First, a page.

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8 Reasons to Add Ginger to your Cup, Plate or Pan

Ginger – whether you have it in hot water with honey and apple cider vinegar to start the day, or if you’re cooking a stir fry with it, ginger has a number of health benefits.( Ginger Nut biscuits however, don’t count )
Ginger is a flowering plant that originated from China. It belongs to the Zingiberaceae family, and is closely related to turmeric, cardamom and galangal.
The rhizome (underground part of the stem) is the part commonly used as a spice. It is often called ginger root, or simply ginger.
Ginger can be used fresh, dried, powdered, or as an oil or juice, and is sometimes added to processed foods and cosmetics. 

Ginger has a very long history of use in various forms of traditional and alternative medicine. 
It has been used to help digestion, reduce nausea and help fight the flu and common cold, to name just a a few.

The unique fragrance and flavour of ginger come from its natural oils, the most important of which is gingerol.
Gingerol is the main bioactive compound in ginger, responsible for much of its medicinal properties and it has powerful anti-inflammatory and antioxidant effects.

Here are just some of the benefits your brain and your body will experience when you consume ginger.

Improve Brain Function and Protect Against Alzheimer’s Disease
Oxidative stress and chronic inflammation can accelerate the aging process. They are believed to be among the key drivers of Alzheimer’s disease and age-related cognitive decline.
There is some evidence that ginger can enhance brain function directly. In a study of 60 middle-aged women, ginger extract was shown to improve reaction time and working memory.

It’s an anti-inflammatory.
Like other produce such as nuts, seeds, beans, and whole grains, ginger contains antioxidant-like compounds called phytonutrients that may reduce cell damage. It can reduce your risk of diabetes.
Scientists have linked some active compounds in ginger with improvements in insulin and metabolism. Dried and fresh ginger is great to have on-hand for flavouring smoothies, stir-frys or soups.  Whilst some chemical compounds in ginger may decrease over time, the drying process enhances other beneficial ones.

It can help with morning sickness.
Ginger may help reduce symptoms of morning sickness! In fact, research supports the safety and efficacy of ginger during pregnancy.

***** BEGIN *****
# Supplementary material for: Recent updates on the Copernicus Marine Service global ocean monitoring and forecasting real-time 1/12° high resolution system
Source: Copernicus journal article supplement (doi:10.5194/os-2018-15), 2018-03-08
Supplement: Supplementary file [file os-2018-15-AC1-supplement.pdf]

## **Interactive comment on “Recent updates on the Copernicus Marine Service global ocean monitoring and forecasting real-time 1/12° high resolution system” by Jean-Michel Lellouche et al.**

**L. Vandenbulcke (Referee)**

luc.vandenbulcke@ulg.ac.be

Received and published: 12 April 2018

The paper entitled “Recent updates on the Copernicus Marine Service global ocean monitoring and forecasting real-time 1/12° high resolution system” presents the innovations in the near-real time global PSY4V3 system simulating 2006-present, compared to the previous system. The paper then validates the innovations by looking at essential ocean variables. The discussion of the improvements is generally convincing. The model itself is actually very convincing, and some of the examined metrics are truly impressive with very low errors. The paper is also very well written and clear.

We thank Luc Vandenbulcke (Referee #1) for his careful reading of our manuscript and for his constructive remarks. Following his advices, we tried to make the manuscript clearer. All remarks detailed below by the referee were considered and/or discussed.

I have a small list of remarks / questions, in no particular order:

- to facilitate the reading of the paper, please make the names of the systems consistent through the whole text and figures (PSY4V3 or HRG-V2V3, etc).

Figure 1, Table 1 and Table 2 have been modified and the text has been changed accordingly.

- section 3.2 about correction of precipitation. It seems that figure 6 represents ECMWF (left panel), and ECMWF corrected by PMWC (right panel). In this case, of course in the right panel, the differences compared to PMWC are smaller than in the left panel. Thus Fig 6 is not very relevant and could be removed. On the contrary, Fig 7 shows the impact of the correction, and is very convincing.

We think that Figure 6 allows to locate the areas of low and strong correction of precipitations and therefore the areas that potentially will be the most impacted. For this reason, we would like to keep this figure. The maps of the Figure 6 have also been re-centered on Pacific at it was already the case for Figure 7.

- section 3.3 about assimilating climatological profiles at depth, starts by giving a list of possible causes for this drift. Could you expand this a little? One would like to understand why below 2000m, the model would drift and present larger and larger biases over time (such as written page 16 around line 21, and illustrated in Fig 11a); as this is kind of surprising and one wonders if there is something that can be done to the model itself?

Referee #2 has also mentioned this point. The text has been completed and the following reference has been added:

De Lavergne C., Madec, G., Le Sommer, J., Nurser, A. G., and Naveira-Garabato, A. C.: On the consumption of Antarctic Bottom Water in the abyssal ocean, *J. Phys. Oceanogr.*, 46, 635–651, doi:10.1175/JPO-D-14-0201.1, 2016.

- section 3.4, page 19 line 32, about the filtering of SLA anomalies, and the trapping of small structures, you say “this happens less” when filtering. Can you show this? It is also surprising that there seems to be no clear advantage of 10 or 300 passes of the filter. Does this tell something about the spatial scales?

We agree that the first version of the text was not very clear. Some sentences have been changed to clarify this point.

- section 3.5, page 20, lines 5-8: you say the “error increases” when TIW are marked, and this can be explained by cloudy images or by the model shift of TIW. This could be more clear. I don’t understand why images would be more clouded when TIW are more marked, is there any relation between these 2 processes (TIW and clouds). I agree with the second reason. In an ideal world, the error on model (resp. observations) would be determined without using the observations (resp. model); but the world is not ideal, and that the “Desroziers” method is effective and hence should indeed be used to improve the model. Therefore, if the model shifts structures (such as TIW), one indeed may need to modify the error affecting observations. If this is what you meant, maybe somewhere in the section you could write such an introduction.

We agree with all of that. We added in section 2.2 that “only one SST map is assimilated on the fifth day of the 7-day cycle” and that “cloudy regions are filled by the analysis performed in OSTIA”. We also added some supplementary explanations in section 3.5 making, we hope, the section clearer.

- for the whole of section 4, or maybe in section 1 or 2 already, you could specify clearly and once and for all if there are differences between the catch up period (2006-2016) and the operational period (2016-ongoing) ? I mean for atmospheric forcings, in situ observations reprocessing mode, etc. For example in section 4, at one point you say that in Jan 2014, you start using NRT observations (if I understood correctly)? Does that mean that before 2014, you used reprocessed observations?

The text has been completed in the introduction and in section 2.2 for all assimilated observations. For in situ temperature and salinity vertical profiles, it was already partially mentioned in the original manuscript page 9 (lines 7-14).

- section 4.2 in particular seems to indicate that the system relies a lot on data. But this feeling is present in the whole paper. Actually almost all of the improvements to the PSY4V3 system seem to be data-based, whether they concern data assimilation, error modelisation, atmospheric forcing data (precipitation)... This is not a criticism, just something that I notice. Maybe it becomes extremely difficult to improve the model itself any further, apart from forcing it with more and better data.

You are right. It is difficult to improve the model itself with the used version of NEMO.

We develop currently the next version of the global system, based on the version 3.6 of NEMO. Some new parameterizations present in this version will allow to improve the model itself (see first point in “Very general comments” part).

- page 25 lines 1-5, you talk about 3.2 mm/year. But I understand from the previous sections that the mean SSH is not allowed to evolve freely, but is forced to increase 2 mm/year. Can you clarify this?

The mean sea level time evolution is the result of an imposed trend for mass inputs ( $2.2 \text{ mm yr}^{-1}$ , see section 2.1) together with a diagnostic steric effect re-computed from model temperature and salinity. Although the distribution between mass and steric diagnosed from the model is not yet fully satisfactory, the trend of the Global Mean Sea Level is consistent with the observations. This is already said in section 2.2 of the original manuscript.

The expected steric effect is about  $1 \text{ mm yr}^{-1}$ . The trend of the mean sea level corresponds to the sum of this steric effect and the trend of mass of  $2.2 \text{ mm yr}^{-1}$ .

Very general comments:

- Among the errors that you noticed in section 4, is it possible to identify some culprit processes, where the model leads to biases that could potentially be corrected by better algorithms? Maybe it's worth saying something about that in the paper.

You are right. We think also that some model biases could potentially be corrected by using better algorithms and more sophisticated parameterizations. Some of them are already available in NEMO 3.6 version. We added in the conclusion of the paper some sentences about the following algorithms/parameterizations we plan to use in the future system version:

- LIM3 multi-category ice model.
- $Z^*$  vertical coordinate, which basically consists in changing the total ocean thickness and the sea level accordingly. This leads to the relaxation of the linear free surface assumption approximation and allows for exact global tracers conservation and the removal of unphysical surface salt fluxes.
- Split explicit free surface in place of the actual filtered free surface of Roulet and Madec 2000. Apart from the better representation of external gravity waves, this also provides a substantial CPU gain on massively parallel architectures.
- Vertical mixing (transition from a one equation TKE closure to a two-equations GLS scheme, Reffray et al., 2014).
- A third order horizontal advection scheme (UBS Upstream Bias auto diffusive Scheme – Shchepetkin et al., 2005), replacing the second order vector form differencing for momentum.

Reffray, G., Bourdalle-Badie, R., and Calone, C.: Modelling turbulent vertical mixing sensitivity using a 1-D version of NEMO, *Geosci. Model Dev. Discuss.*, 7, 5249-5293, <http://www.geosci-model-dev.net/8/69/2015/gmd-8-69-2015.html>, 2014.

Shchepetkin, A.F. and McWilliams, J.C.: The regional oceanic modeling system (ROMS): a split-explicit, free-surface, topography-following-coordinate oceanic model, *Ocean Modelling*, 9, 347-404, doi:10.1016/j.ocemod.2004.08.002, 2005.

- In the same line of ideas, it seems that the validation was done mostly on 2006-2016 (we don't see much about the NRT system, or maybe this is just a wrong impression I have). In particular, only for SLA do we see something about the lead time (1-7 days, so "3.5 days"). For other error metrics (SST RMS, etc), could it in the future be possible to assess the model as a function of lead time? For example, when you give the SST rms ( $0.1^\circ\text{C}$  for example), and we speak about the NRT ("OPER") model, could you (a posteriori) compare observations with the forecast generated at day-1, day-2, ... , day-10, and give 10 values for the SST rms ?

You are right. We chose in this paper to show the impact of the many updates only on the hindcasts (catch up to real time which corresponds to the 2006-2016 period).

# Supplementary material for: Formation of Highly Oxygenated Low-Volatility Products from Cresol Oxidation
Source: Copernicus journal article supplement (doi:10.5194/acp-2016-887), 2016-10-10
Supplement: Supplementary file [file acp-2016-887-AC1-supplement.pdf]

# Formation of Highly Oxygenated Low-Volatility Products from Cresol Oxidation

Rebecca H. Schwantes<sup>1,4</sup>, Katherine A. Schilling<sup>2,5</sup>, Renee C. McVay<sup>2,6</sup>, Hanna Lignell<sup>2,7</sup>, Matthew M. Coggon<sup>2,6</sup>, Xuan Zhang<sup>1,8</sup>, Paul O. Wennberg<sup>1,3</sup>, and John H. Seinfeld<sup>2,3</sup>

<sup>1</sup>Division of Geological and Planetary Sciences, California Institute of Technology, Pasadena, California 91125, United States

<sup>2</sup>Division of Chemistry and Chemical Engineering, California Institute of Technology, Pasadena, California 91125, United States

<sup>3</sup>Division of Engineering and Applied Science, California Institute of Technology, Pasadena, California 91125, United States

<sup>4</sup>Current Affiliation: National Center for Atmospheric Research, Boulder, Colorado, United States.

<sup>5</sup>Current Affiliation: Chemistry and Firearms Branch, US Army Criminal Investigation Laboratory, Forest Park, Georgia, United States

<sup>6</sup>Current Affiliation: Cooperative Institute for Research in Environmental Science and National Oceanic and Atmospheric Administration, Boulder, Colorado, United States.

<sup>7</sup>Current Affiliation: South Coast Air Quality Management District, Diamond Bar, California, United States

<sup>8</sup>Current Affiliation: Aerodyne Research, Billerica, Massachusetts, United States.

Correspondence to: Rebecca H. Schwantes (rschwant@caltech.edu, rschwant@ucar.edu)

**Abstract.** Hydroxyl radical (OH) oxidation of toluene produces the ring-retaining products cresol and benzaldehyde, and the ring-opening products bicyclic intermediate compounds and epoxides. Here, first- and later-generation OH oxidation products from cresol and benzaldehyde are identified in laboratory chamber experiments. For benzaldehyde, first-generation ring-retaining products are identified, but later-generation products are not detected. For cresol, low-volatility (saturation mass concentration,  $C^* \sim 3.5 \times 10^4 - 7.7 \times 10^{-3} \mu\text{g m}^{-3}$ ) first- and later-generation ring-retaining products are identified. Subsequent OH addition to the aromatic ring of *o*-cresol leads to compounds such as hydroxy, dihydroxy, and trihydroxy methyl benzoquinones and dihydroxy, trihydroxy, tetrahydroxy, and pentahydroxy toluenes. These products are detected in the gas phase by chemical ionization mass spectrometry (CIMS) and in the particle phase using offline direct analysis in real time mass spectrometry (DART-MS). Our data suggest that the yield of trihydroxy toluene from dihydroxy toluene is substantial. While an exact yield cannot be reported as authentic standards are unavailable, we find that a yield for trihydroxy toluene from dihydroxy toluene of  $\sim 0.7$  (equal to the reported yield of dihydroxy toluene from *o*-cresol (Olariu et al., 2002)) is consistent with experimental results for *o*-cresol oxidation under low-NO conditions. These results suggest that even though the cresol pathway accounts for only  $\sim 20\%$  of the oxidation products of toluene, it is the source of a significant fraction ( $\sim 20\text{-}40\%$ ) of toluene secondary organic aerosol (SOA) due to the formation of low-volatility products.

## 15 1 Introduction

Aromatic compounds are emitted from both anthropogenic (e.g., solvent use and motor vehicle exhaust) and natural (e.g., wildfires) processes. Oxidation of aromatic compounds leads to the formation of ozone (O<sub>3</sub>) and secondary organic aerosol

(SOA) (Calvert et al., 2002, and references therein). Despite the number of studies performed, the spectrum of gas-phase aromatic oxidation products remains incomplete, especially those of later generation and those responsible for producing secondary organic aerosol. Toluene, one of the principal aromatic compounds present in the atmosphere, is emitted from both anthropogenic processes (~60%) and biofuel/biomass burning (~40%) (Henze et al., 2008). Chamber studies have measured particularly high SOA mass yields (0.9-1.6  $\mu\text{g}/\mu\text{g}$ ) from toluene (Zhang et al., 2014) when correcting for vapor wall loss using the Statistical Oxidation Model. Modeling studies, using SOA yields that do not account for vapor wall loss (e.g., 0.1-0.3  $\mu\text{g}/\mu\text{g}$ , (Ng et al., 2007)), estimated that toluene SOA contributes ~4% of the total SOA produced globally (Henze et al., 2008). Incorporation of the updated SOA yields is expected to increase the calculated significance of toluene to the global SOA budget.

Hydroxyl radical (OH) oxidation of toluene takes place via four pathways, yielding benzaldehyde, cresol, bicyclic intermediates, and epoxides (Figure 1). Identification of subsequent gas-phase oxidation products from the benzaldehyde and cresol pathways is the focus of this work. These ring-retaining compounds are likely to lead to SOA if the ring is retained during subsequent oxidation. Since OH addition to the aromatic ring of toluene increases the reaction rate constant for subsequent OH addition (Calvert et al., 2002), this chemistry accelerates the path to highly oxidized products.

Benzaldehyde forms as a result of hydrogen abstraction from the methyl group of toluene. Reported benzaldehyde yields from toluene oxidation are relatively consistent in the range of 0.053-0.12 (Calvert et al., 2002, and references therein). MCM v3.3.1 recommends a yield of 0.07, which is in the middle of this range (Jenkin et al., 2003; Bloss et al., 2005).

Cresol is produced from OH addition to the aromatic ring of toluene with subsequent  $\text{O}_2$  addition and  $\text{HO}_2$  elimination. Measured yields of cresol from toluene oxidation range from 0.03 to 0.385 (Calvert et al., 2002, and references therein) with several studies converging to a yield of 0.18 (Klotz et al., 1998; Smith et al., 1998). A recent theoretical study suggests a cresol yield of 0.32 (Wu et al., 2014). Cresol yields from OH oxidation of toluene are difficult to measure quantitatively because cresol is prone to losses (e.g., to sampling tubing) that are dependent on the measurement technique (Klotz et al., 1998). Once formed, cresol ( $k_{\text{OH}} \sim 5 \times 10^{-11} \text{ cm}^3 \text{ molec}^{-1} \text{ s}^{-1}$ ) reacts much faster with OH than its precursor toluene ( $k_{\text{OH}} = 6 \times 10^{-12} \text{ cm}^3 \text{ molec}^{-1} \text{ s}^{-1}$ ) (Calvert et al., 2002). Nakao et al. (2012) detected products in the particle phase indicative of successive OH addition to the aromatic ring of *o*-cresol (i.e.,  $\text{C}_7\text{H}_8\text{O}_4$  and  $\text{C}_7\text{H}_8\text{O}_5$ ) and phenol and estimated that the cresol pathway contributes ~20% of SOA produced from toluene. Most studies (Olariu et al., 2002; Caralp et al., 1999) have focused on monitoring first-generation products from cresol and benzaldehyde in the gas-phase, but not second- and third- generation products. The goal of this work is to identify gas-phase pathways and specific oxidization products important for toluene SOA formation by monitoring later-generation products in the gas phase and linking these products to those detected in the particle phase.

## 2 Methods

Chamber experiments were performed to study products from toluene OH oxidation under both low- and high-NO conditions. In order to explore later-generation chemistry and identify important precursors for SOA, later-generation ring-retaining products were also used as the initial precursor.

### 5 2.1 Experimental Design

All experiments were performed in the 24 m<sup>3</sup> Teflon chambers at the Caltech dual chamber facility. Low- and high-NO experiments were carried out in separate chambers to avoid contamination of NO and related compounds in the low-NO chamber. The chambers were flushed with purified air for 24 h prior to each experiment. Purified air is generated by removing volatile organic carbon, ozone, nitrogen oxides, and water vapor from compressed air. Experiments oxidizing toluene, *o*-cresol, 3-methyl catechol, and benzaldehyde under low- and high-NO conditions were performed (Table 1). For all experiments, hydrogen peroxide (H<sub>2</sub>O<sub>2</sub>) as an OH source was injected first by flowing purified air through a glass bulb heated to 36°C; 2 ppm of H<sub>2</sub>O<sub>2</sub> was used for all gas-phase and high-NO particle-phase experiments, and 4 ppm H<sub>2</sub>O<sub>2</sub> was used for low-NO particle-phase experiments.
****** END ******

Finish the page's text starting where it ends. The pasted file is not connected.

It’s a natural way to relieve period pain.

The research done on ginger’s pain-relieving properties, show that it helps with menstrual pain the most. Check with your GP before trying any supplement in extract or pill form, since it may interact with other medications you’re taking.

It can settle an upset stomach.Research has linked multiple digestive benefits to ginger, specifically acting on parts of your GI tract responsible for feelings of nausea, stomach upset, and vomiting. 

It can help with indigestion.Research demonstrates ginger has been shown to speed up emptying of the stomach in people with chronic indigestion (dyspepsia).

It may help prevent heart disease.
The same anti-inflammatory compounds in ginger can also reduce the risk of chronic disease.  A 2016 review linked regular ginger intake with lower cholesterol and blood sugar compared to a placebo. 

It may lower your risk of cancer.
The cell-protecting properties of ginger can lower the long-term risk of certain cancers.  That’s because the spice and other flavourings may reduce cellular activity that causes DNA changes, cell death, and proliferation of cancer cells. 


Whilst ginger’s not a cure-all for any chronic disease, using it regularly with loads of other spices and plant-based foods can help benefit health overall.

Keep Well

Dr Clara Russell

Noggin Nuggget- Take a deep breath….

Breathing – it’s easy right? We do it without even thinking.

Shallow breathing can lead to feelings of stress, nervousness and even fatigue. To get a really deep proper deep breath we have to engage more than just our mouth, nose and lungs.

First a small anatomy lesson:

Underneath your lungs sits your diaphragm. This is a muscle that forms the dividing line between your chest and your abdomen. As you breathe in, the diaphragm becomes flat. As you breathe out the diaphragm relaxes and returns to its natural slightly curved shape. The air is then released out of your lungs

Using your diaphragm to take deep breaths is a key way to decrease stress. This works by triggering relaxation centres in your brain. This way of breathing also helps with blood flow into your heart and cardiovascular system. 

This type of breathing takes focus and concentration, This alone can be a way of focusing you in the moment and helping us feel calmer. With this conscious effort to breathe, plus the additional benefits of breathing in this manner, we are activating 2 ways to help us feel calmer, 

There are different exercises and techniques but we like to keep it simple at Noggin HQ. 

This exercise is called 4-7-8 breathing

First thing is first- it might feel a bit weird but stick with it!

Find a quiet spot to sit or lie down. 

Keep your feet slightly apart and out one hand on your chest and one on your tummy

Blow out all the air in your lungs thought your mouth gently and then breathe in carefully and slowly through your nose for a count of 4. You can press on your tummy slightly as your do this 

Hold for at least 4 and up to 7

Breathe out through your mouth for a count of 8- feeling your lungs and tummy fully emptying of air.